My Experience as a Student Mapper for Open Cities Accra
Nov 15, 2018 | By Guest
Field narrative by Chris Eshun, third-year Geomatic Engineering student and YouthMappers Training Coordinator at University of Mines and Technology. Chris a member of OSM Ghana and one of the participants of Open Cities Accra. Co-authored by Eli Sabblah, Project Coordinator at Mobile Web Ghana, David Luswata, Technical Advisor at Humanitarian OpenStreetMap Team (HOT), and Grace Doherty, Geospatial Consultant at OpenDRI Originally pulished here .
Open Cities Accra is supporting detailed mapping in Alogboshie community and its environs to improve resilience to natural disasters, especially flooding. Alogboshie, a suburb of Accra, is known to be one of the most flood-prone areas in Ghana’s capital city. Located along the Odaw River, Alogboshie is one of the four focus communities for the World Bank’s Greater Accra Climate Resilient and Integrated Development (GARID) project. Protecting Alogboshie will require an integrated approach that addresses drainage improvements, flood forecasting, solid waste management, improved urban planning and support to communities.
Geospatial data collection at Alogboshie has been a key activity for understanding flood risk and informing this integrated approach. The Open Cities Accra team – led by Humanitarian OpenStreetMap Team (HOT), Mobile Web Ghana and OpenStreetMap Ghana (OSM Ghana) – began remote and field mapping of Alogboshie in the summer of 2018.
Student mappers in the field collect data using mobile survey apps
OpenStreetMap (OSM) is a freely accessible and editable map of the world, which means anyone can contribute to it and participate in a collaborative mapping workflow. But few gain the chance to see the other side of the collaborative mapping process: when field mappers take to the streets to survey critical infrastructure and hazard-prone sites.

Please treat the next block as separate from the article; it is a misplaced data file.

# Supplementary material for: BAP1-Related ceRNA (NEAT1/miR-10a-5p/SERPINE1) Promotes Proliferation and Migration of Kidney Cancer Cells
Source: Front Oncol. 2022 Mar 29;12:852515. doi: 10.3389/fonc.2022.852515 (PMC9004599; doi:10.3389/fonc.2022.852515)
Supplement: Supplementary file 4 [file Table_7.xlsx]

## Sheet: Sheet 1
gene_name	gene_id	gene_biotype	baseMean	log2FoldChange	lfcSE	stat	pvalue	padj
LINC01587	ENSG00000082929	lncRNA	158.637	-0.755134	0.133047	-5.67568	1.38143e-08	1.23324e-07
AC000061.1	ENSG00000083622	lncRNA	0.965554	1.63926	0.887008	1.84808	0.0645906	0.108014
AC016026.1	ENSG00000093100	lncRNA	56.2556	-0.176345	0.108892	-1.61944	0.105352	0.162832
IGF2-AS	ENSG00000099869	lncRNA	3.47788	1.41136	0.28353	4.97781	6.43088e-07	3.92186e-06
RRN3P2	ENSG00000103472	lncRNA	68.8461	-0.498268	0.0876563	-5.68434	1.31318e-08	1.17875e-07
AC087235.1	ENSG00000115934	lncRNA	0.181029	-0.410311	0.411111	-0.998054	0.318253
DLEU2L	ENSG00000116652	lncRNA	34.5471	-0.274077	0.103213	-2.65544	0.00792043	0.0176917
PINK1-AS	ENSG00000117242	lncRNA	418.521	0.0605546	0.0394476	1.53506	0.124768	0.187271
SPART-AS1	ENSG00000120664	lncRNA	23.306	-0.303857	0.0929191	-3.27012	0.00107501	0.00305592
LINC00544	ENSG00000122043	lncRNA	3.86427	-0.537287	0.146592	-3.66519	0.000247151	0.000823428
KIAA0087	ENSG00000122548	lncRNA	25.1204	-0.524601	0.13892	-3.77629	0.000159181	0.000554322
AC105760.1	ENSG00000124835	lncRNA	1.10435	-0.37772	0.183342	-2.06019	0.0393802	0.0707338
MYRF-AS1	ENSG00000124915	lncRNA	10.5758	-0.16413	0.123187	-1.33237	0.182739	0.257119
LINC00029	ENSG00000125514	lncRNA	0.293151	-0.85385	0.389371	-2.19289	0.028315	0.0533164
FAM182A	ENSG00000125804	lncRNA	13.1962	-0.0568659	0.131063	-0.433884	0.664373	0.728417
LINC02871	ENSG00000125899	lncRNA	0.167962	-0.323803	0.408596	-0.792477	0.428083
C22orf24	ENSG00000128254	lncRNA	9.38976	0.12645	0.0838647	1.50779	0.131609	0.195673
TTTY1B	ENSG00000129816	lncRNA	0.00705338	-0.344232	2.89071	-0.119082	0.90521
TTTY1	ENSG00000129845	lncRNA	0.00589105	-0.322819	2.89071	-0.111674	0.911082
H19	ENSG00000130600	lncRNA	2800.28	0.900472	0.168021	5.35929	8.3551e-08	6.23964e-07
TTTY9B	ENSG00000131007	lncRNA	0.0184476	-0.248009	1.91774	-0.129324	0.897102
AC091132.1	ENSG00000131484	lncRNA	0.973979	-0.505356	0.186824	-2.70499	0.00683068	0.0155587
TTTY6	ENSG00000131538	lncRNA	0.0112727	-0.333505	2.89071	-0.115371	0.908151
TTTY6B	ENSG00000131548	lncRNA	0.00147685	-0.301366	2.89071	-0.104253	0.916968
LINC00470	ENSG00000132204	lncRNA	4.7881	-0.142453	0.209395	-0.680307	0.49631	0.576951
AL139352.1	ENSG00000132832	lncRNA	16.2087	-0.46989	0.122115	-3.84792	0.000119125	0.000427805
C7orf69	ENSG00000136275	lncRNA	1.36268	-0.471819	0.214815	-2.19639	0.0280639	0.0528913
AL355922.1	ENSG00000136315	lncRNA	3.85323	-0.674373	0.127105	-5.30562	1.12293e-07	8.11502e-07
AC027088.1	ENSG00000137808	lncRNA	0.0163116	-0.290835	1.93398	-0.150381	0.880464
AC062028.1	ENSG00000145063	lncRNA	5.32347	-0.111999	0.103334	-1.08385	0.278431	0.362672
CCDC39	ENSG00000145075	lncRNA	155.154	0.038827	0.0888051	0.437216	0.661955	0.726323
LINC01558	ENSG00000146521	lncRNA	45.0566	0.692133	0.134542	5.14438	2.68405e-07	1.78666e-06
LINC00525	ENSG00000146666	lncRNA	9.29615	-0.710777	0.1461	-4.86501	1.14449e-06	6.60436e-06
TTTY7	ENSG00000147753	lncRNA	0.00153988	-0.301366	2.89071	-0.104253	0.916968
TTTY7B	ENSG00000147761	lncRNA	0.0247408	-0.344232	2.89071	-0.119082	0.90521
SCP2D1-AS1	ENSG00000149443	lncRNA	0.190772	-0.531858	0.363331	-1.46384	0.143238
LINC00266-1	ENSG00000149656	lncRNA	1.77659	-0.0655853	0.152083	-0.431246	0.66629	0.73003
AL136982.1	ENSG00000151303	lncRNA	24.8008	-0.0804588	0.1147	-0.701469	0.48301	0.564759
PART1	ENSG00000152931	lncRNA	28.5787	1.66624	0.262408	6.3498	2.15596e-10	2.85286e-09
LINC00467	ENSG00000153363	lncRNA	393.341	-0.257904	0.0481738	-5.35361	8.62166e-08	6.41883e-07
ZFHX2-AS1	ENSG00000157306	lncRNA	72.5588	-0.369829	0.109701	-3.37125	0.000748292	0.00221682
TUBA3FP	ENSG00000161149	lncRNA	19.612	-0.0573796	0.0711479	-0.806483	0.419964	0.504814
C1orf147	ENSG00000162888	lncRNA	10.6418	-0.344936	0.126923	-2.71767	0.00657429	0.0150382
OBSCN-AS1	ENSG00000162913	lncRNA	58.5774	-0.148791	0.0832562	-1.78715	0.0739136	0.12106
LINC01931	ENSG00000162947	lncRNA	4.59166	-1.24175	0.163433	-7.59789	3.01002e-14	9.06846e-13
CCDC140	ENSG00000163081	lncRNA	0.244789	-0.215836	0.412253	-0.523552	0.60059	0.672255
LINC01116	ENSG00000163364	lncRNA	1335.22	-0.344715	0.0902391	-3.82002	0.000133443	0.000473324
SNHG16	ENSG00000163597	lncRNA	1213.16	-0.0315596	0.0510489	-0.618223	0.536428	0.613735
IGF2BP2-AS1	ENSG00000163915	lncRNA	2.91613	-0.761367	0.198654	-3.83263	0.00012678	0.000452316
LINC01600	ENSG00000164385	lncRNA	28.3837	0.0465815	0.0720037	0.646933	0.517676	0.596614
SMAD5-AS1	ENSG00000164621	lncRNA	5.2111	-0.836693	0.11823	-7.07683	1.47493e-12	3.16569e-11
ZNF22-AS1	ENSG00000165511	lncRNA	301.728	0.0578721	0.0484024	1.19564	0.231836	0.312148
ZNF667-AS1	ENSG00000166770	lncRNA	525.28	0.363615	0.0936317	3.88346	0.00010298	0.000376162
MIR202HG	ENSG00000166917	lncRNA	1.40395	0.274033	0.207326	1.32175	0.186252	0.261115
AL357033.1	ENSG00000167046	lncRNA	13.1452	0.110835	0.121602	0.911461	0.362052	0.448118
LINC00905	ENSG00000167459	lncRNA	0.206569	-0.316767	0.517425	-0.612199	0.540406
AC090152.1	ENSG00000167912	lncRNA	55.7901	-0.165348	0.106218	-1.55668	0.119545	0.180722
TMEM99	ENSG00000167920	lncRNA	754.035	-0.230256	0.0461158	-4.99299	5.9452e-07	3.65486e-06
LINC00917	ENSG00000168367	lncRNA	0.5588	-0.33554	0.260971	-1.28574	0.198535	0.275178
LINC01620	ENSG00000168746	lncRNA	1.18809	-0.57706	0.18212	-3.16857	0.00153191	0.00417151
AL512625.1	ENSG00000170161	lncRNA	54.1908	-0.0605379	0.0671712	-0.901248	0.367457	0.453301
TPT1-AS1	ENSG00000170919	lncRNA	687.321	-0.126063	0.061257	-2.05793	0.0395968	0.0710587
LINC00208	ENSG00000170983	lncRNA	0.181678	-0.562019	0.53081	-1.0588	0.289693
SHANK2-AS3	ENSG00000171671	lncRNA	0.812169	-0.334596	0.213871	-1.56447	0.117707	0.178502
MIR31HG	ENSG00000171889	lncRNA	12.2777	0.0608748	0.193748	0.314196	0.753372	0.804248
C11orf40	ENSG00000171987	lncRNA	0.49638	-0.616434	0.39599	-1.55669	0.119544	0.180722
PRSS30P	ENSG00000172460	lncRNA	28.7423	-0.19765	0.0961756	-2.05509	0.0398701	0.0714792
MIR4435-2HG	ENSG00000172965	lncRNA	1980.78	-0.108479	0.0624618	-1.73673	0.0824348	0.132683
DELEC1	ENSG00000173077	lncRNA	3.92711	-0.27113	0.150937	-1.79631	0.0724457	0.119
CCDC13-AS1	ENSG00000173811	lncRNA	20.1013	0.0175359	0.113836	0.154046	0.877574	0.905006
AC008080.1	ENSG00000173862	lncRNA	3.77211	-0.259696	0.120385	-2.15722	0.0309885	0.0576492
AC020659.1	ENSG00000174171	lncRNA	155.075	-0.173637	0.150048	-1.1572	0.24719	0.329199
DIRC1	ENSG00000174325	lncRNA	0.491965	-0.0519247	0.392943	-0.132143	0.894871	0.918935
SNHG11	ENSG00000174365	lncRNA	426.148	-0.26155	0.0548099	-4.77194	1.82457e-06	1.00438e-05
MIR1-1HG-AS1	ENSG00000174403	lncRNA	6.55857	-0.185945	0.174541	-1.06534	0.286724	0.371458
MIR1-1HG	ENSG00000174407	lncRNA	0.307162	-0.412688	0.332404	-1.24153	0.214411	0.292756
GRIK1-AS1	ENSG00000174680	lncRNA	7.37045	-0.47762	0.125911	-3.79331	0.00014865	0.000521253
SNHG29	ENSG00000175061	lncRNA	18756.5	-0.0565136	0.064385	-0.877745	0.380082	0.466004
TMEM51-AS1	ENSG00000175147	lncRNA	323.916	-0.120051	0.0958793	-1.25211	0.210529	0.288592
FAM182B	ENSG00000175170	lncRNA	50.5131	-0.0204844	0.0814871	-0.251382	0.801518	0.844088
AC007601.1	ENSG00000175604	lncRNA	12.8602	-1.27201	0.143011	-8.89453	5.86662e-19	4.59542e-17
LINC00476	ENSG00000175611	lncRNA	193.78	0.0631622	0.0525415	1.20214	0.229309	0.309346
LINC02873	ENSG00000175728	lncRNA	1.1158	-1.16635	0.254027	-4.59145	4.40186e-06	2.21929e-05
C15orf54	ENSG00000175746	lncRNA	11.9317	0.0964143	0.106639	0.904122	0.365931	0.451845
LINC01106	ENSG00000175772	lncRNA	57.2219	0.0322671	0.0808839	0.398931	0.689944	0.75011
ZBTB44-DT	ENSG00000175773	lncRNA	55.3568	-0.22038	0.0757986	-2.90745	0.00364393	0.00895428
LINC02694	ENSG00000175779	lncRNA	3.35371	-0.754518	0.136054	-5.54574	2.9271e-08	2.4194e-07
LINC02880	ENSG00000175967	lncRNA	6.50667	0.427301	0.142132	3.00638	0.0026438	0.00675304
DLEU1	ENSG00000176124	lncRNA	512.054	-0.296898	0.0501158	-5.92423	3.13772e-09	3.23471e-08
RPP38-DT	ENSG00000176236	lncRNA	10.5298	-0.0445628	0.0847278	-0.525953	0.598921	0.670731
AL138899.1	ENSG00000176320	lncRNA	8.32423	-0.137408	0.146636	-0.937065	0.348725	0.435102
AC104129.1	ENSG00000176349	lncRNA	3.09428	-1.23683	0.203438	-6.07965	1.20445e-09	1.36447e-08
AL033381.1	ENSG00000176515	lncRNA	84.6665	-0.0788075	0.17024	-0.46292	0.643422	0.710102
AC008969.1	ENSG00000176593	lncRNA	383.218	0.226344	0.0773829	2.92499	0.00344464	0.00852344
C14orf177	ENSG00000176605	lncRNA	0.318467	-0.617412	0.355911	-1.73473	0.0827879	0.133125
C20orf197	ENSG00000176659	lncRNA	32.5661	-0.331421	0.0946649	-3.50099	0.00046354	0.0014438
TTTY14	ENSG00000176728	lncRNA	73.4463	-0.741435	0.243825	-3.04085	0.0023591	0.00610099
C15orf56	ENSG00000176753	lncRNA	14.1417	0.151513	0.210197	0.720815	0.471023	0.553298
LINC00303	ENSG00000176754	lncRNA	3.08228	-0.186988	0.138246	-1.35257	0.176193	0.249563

We asked Chris Eshun, one of the mappers who worked on the Open Cities Accra project, to offer readers a first hand look at what it’s like to be part of a community mapping team in Ghana. This is what he had to share.
Mappers at the World Bank Mapathon in Washington, DC remotely trace buildings for the area of Alajo in Greater Accra, Ghana
Anyone can contribute to OpenStreetMap. But few gain the chance to see the other side of the collaborative mapping process: when field mappers take to the streets.
It was early August when Open Cities Accra convened mappers at the Mobile Web Ghana office for our first briefing and intensive training sessions. Our field team was diverse, with some experts in OSM and data collection and others completely new to the world of mapping. On the first day of training, they brought new mappers on par with the rest so we could all effectively help in mapping the area. We were taken through lessons in the aims and objectives of the project and the software – GIS and other tools – required to contribute to OSM.
Day 2 involved the remote mapping of Alogboshie. We used Java OpenStreetMap editor (JOSM) to map the areas of interest to the project, and mobile applications such as MAPS.ME, OSMTracker, OSMAnd, OpenMapKit, and OpenDataKit were also introduced to us. The Data Model required for the project was discussed and how the tools we had learnt about were going to play a major role in the data collection.
Capacity building and training session